Which is the other high point of this book. Jessi Zabarsky’s artwork is gorgeous, full of graceful movements and colorful accents. Personally, I found everyone’s outfits the most charming. Everyone looked soft and very cute. The movements around the magical talents were also well conveyed. The book relies more heavily on art than on dialogue boxes, and Zabarsky’s style holds up well. It’s a very restful read, and a sharp contrast from the busy action so popular in a lot of graphic novels and comic books now.

In conclusion Coming Back was a soft, delightful read. I greatly enjoyed both the artwork and the story. Valissa’s journey shows a lot of strength and courage, and Preet’s big emotions grabbed my heart. If you’re looking for a YA graphic novel for yourself or for a gift, this would be a great choice. Coming Back comes out on January 18, and it would make for a perfect cozy winter afternoon read. 

Marieke reviews Daughter Of The Sun by Effie Calvin

Daughter of the Sun

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Anybody who gets me talking about books in any amount of time will swiftly learn there are a few niche genres I’m an absolute sucker for: weird murder mysteries (see: Jane, UnlimitedMeddling KidsThe 7 ½ Deaths Of Evelyn Hardcastle), atmospheric fairy tale retellings (see: Blanca & RojaThe Girls At The Kingfisher ClubDaughter Of The Forest). But another genre I love deeply, to the point I’ve made a Spotify mix for it, is involuntary road trips. A friend pointed out that’s just a fancy way of saying kidnapping, but that’s not what I mean by the term (though it sometimes applies). It’s two people who may not have a common cause, but who share a common destination and/or mutual benefit in travelling together while absolutely not wanting to travel together. For this genre, think of stories like Jaime & Brienne, Arya & The Hound, the Witcher, Fire by Kristin Cashore, etc. It just so happens that Daughter Of The Sun exactly fits in this genre as well, which was a major contributor to my enjoyment of it.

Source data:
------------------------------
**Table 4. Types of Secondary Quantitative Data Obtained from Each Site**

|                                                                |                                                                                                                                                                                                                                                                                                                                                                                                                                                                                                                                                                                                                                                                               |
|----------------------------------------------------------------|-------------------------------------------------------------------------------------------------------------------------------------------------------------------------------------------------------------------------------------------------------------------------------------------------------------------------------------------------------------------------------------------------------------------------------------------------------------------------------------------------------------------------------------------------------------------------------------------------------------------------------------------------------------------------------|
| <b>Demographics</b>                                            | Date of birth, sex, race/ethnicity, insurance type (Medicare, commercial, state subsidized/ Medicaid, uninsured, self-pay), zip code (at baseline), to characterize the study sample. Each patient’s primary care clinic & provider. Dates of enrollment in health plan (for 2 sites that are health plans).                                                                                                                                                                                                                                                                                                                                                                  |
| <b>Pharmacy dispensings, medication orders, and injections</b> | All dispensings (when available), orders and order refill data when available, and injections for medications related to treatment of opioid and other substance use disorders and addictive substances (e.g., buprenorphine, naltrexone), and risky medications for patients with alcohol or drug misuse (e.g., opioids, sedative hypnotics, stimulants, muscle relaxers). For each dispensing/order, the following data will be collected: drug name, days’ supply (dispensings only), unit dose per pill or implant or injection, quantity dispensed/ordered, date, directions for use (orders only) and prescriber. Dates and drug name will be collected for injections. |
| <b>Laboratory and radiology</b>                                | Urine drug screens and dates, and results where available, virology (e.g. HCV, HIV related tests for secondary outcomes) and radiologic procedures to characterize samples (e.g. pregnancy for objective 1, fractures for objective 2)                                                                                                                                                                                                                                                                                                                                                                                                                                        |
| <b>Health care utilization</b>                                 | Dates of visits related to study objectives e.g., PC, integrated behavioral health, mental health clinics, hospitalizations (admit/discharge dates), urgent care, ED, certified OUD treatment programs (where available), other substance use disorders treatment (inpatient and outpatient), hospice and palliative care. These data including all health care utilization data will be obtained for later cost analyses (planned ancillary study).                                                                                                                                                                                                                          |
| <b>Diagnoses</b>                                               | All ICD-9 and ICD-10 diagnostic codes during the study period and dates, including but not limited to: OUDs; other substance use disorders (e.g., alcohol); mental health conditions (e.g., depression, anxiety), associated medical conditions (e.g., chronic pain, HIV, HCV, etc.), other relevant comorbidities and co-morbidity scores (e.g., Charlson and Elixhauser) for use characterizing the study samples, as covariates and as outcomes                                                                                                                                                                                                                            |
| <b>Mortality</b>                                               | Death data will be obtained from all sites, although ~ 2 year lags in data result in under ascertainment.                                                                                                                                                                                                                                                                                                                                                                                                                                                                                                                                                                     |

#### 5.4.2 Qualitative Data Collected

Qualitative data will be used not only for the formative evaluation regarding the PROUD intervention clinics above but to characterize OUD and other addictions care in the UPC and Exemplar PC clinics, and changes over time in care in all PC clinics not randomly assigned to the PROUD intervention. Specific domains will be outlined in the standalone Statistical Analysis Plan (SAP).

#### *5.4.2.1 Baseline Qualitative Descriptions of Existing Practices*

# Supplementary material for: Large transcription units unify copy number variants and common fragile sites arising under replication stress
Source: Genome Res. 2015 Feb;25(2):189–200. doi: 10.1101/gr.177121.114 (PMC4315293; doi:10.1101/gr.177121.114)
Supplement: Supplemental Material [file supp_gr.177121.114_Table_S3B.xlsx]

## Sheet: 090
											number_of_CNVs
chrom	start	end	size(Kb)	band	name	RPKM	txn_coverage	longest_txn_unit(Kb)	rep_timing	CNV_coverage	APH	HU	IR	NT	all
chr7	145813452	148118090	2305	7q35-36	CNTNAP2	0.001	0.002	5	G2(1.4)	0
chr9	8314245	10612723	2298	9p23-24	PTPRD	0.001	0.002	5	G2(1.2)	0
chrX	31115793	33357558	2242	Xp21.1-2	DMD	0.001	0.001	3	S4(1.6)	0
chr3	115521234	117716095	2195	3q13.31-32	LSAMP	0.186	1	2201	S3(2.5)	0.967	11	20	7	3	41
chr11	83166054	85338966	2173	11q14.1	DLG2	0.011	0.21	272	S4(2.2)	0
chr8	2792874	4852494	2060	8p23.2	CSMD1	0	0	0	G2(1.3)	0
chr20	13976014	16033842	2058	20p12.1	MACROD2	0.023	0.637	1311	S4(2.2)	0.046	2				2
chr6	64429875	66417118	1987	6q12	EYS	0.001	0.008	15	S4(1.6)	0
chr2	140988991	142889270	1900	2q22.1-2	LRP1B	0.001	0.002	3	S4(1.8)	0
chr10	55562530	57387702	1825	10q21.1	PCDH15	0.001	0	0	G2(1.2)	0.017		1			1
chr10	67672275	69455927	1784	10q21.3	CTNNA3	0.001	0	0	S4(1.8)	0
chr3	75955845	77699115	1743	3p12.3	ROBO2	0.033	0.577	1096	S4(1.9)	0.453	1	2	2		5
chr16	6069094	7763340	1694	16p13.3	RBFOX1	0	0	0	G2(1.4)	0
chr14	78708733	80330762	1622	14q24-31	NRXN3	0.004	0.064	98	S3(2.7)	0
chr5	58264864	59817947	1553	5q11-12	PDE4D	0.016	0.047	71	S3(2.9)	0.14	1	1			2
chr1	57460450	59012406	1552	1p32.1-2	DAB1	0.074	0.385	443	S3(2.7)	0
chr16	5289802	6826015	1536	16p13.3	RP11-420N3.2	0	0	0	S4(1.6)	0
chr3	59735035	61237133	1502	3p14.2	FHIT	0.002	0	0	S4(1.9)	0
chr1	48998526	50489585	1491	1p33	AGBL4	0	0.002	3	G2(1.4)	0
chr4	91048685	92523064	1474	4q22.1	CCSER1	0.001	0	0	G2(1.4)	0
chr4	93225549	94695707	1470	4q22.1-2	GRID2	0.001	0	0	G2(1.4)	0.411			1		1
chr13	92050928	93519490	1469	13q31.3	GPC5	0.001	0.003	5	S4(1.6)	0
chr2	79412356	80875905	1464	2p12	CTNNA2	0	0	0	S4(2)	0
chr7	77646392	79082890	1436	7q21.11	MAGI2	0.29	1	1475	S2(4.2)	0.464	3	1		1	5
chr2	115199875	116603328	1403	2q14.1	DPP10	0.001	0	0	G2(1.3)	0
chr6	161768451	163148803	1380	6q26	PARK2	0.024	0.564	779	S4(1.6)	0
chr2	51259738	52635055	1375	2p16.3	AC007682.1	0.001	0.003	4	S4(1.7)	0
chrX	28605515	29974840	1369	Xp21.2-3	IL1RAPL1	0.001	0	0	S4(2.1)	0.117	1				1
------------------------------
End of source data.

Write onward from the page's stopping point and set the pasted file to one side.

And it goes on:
It’s the second instalment in the Tales Of Inthya series, but as the title suggests, all books are individual tales set in the same world. I don’t believe you would need to have read the first book, as Daughter is unrelated to it in plot terms. The only benefit you might glean is a slightly stronger understanding of worldbuilding, but a lot of that is covered in this book as well. The eponymous Daugher is a Paladin who travels the world of Inthya to vanquish chaos gods and other demon-y issues. After she unwittingly fails to banish one such chaos goddess, they meet again while the goddess is disguised in human form and after a discussion end up traveling together to deliver the ‘human’ to her ‘brother.’ Of course, on this journey they run into obstacles of all descriptions and grow closer together throughout, with the secret identity of the goddess looming ever larger…